Got it…What’s the Science
Sleep is an incredibly important part of our brains’ activities. I mean why would ours spend so much time doing it if not? Sleep has at least 4 main functions that includes: helping us with our memory and learning new skills, regularly detoxifying our brain, helping us prepare for socially difficult situations and keeping us in sync with others in our tribe (family). In fact our brains are almost as busy when we are asleep as when we are awake. The key here is that there are certain times of day (and night) that are actually better for us individually to sleep so as to be better prepared for our waking hours. This also means that there are certain times of day that we are typically better suited to do certain activities than others. Typically morning larks are more alert and task focused in the earlier parts of the day, being less alert but probably more creative as the day moves from afternoon to evening. Night owls on the other hand tend to be the opposite, preferring to go to sleep later at night (sometimes into early the next morning) and waking later in the day. Research suggests about 40% of the population are morning larks, 30% night owls and the remainder somewhere in between. Obviously some are more at the extremes as circadian rhythms seem to be on a sliding scale, which is believed to have a genetic component. If one or more of your parents are a night owl for instance then you are much more likely to be a night owl too.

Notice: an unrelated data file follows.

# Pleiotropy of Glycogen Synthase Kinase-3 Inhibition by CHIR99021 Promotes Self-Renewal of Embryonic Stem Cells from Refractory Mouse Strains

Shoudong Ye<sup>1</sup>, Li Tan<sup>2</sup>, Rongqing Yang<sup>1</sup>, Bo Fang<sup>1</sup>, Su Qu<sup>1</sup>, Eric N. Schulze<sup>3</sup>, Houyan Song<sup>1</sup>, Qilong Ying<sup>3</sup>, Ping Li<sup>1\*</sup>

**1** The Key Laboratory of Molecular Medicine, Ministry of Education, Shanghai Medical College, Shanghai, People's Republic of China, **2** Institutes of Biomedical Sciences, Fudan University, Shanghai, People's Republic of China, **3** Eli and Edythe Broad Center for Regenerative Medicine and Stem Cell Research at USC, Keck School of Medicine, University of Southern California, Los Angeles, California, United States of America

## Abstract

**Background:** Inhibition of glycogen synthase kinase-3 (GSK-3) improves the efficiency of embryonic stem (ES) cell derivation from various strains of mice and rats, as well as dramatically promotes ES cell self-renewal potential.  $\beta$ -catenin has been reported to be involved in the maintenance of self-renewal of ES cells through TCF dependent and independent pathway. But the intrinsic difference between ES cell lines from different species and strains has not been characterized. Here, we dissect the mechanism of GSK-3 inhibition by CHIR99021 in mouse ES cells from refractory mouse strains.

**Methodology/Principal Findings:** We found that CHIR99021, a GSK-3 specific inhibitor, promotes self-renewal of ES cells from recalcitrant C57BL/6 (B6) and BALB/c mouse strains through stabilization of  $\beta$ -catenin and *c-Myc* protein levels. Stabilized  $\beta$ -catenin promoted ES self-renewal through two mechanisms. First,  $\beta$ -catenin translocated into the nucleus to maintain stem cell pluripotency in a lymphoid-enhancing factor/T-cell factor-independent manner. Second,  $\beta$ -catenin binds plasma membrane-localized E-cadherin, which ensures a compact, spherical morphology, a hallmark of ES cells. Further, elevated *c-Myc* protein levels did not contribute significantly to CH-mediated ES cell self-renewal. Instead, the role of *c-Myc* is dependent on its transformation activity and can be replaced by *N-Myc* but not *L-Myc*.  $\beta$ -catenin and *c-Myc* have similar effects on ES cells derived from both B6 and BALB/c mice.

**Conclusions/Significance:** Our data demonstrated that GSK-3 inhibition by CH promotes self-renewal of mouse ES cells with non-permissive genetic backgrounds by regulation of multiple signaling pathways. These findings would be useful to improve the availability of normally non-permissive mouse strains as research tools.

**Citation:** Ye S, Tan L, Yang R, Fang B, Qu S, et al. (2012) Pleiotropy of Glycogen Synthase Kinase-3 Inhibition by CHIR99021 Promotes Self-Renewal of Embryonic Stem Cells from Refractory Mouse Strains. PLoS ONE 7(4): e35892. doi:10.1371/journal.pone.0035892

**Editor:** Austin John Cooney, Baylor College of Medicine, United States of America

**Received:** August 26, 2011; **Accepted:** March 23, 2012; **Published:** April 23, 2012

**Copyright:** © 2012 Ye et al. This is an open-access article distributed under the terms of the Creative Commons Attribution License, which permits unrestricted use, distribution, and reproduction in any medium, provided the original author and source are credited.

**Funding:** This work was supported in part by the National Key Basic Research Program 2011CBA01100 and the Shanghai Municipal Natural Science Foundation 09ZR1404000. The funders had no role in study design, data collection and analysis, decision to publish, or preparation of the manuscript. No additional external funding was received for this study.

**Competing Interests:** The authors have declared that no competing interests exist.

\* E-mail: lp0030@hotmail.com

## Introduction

All cells, including those in insects, plants and fungi, actually have a sense of time and there are a myriad of genes that we now know as responsible for keeping cellular time and rhythms such as ones called period (PER), CLOCK and timeless (TIM) and TOC. So genetically a sense of and need for ‘cellular time’ dates back to when our ancestors were single cells – usually based on the fundamental rhythms of of daylight and it’s absence, which we tend to call night. Perhaps unsurprisingly then, when you put cells together to make up organs, they also have natural rhythms and cycles. We also know that cells and organisms have cycles that are generally in sync with the seasons which can include lunar cycles and tides. In the body these are kept synchronised by the brain acting like a bit like a master time keeper or conductor. A critical brain structure involved in this is called the suprachiasmatic nucleus or SCN for short. The SCN sits just above where the 2 optic nerves (those are the nerves that send visual stimulation to the brain) actually cross over before they continue to the deeper visual processing areas towards the back of the brain. The SCN is a relatively small structure of only about 10000 neurones (this is a small number in terms of the 86+ billion we have) and is incredibly sensitive to light: it can sense light levels even when our eyes are closed. This means our brains can set what is typically wake time with daylight hours. But you can already see here how the invention of artificial lights to lengthen our days have / could really upset our body clocks. This has undoubtedly placed a general strain and disconnect on us working with our natural rhythms.